Finnish Band Phantom Aren’t Afraid Of The Dark
“I feel like there’s a responsibility in being an artist”
Before Hanna and Tommi Toivonen can properly welcome me into their home, Hanna switches on a sun lamp. Helsinki winters can get dark, she explains. And like everyone else in Finland this time of year, she could benefit from a serotonin boost. Even so, Phantom know darkness—and can laugh at such an obvious parallel between physical and emotional states. (The observation that they look cool when they perform, leaves Hanna pulling faces behind a curtain of shocking pink hair and Tommi pretending to push up an imaginary pair of horn-rimmed glasses.) But from the haunting cover of their debut album, MMXII, to their ghostly electro-pop (think: Moderat, Portishead, and Nine Inch Nails with a touch of jazz), it’s clear this band isn’t afraid of feeling feelings.
Originally formed on a whim shortly before SXSW in 2012, Phantom was simply a way for work friends Hanna and Tommi (then Tommi Koskinen) to justify a trip to Texas. That is until their single “Scars” was name-checked on The xx’s blog. The unexpected endorsement kicked off a series of events that the two ruefully refer to as "Bullshit Bingo." There were the bright moments, like performing at Helsinki’s Flow Festival and being courted by many labels they had admired. But it was also a case of too much too soon—and being surrounded by people explaining the business almost threatened to sink the band just when they had decided that they even were a band.
“It’s something in the Finnish culture,” Hanna explains. “You don’t talk bullshit. Say your thing; if you mean it, great. If you talk bullshit all the time, not meaning anything, not doing anything—I hate it! That’s really hard for me to be with that kind of people. I feel like maybe I’m so naïve that I want to see that there’s good in everyone. I do genuinely believe that there’s good in everyone. But I feel like, with some of the entertainment industry, those people are just there because of the bullshit. That’s where they’re also full of it. That dismisses both the audience and the art form itself. There are so many of those people. That’s probably the biggest lesson that we got.”
“That kind of feedback almost destroyed us,” Tommi confirms. “People trying to influence you to do things you don’t actually want to do. And then going through the crisis of our lives of getting tougher. That all resulted in a four-year ice.”
Yeah—getting together. By both Hanna's and Tommi’s accounts, their musical partnership had spilled over into romance before either realized what was happening. (Some credit goes to James Blake and Jack Daniels for providing the final push—details they recount with a blush.) According to them, not only did the relationship make them happier, it made their music better.
“We found each other and started to find the confidence from each other and became a team,” Hanna recalls. “Other people didn’t have that much to say. We had the confidence from us. We weren’t alone. And then we started slowly making progress with the album itself when we filtered everything out from other people. We started to think about what we wanted to sound like and what we wanted to do as a team, as artists. Obviously, there’s good feedback that you should take, and I honestly believe in it. Feedback is like food. If it’s rotten, it can be poisonous to you. It can kill you. But if it’s really good, you should eat it and you should take something out of it.”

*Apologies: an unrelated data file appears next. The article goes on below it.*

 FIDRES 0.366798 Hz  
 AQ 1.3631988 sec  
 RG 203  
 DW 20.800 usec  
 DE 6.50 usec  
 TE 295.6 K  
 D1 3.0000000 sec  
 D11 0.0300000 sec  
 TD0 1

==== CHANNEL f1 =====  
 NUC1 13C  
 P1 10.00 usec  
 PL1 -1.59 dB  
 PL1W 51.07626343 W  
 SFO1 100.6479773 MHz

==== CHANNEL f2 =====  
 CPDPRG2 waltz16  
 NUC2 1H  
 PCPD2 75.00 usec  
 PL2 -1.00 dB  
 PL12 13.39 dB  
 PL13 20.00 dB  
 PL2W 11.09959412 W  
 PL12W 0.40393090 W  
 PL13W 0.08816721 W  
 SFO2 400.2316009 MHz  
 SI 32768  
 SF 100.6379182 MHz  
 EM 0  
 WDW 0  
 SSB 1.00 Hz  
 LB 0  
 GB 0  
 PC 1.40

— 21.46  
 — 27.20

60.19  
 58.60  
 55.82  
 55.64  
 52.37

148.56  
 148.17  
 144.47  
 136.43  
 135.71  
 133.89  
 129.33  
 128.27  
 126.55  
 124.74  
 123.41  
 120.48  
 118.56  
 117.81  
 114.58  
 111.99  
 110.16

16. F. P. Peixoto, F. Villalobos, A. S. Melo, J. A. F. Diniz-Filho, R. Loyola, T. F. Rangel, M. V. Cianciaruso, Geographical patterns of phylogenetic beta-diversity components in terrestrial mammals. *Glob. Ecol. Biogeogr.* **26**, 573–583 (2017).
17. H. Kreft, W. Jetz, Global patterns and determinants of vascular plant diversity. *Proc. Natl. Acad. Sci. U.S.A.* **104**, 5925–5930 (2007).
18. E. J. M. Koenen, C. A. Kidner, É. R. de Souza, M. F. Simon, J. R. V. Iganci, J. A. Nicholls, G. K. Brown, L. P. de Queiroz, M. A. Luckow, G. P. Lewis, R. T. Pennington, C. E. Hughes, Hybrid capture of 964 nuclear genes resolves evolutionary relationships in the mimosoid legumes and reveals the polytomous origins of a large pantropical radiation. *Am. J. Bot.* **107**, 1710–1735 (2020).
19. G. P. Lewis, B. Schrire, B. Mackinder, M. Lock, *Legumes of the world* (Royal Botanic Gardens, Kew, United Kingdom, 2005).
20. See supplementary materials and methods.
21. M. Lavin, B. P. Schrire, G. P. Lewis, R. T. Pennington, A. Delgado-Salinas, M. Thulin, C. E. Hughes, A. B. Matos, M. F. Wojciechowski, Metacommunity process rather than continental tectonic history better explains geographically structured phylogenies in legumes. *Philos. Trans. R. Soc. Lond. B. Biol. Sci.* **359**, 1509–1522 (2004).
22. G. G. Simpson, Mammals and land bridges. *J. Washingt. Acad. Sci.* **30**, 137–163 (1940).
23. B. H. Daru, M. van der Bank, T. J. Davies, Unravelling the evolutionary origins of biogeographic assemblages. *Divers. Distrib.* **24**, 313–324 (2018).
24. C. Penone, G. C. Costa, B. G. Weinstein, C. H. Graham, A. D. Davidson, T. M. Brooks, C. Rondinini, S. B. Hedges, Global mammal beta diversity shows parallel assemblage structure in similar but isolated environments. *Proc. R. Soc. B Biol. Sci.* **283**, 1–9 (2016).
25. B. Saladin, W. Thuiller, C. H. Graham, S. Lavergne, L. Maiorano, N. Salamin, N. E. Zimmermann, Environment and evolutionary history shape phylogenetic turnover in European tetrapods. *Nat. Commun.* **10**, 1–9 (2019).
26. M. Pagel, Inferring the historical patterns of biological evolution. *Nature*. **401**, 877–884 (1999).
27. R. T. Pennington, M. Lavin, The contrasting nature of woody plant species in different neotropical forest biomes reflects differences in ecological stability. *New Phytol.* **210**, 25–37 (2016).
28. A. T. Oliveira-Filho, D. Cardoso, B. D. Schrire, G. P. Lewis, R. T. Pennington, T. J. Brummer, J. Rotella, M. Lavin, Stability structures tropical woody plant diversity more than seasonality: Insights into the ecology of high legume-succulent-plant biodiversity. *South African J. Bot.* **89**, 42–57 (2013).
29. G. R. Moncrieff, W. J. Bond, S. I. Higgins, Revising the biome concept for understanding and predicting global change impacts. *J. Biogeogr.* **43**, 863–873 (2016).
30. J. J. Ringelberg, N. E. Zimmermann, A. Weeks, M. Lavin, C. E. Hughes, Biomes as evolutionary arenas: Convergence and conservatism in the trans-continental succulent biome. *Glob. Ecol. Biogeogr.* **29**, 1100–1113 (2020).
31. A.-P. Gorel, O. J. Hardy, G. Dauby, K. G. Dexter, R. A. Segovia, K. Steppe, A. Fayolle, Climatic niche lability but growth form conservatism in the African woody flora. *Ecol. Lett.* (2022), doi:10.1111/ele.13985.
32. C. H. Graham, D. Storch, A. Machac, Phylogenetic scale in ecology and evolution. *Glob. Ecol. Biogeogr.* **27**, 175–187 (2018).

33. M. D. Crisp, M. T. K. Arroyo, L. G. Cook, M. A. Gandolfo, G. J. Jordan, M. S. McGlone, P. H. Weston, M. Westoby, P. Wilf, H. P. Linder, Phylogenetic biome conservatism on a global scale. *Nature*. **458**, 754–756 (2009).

MMXII isn’t an exercise in melancholy for melancholy’s sake. Between the jagged beats of Tommi’s self-built UFO beat machine and Hanna’s jazz-trained vocals (comparisons to both Florence and the Machine and Adele wouldn’t be wholly out of order), the album’s key descriptor is “expansive.” Anxiety makes an appearance, as does the ghost of crappy past relationships. A close friend is eulogized on “Shadows.” And opening track “Lost” name-checks nothing less than the “10,000-year puberty of the human mind.” Phantom has two sets of eyes—and, like all of us, they’re desperately trying to take in everything the world has to offer.
“I think music today is in a bad state,” Tommi muses. “It’s in a crisis. No one gives a shit about anything but themselves in their expression. Self, self, self. It’s all about I’m here, I’ve had this bad day. I think that’s a rule that should be broken more than ever.”
“I feel like there’s a responsibility in being an artist,” Hanna adds. “Art itself is a way of talking to people and presenting ideas that are more digestible than they could be in other forms. I feel like music as an art form can change things. It can speak louder than politics ever can. We’ve seen it in history, and we have to believe in it in the future as well.”
She makes clear they have no fear of the dark thoughts running through their heads. Enacting change, even through an artistic platform, can be painful. But the darkness only makes the light brighter. It’s an idea found in “Dance,” a love song Hanna wrote for Tommi. Like many of their other tracks, the idea of death is woven into its musical fabric.
“The fact that you’re going to die, that everyone’s going to die, it’s not a bad thing,” she says.
Hanna’s not just talking about the track now. It’s clear from her tone that this has become a life motto.
“It’s horrible for the people that get left behind,” she continues:
The biggest sorrow will be on those people. But that feeling has made me do things. I’ve also been really scared. I’ve had problems with anxiety. But the kind of presence of death reminds me to not use this life on things that make me anxious. I want to do things in my life, [so] that whenever death will be here, I can say I’ve lived fully. I’m not scared because every moment that I’ve had, I’ve lived. I’ve done the things that I want to do. I haven’t compromised. I haven’t let life let me down. That’s the beauty of the darkness.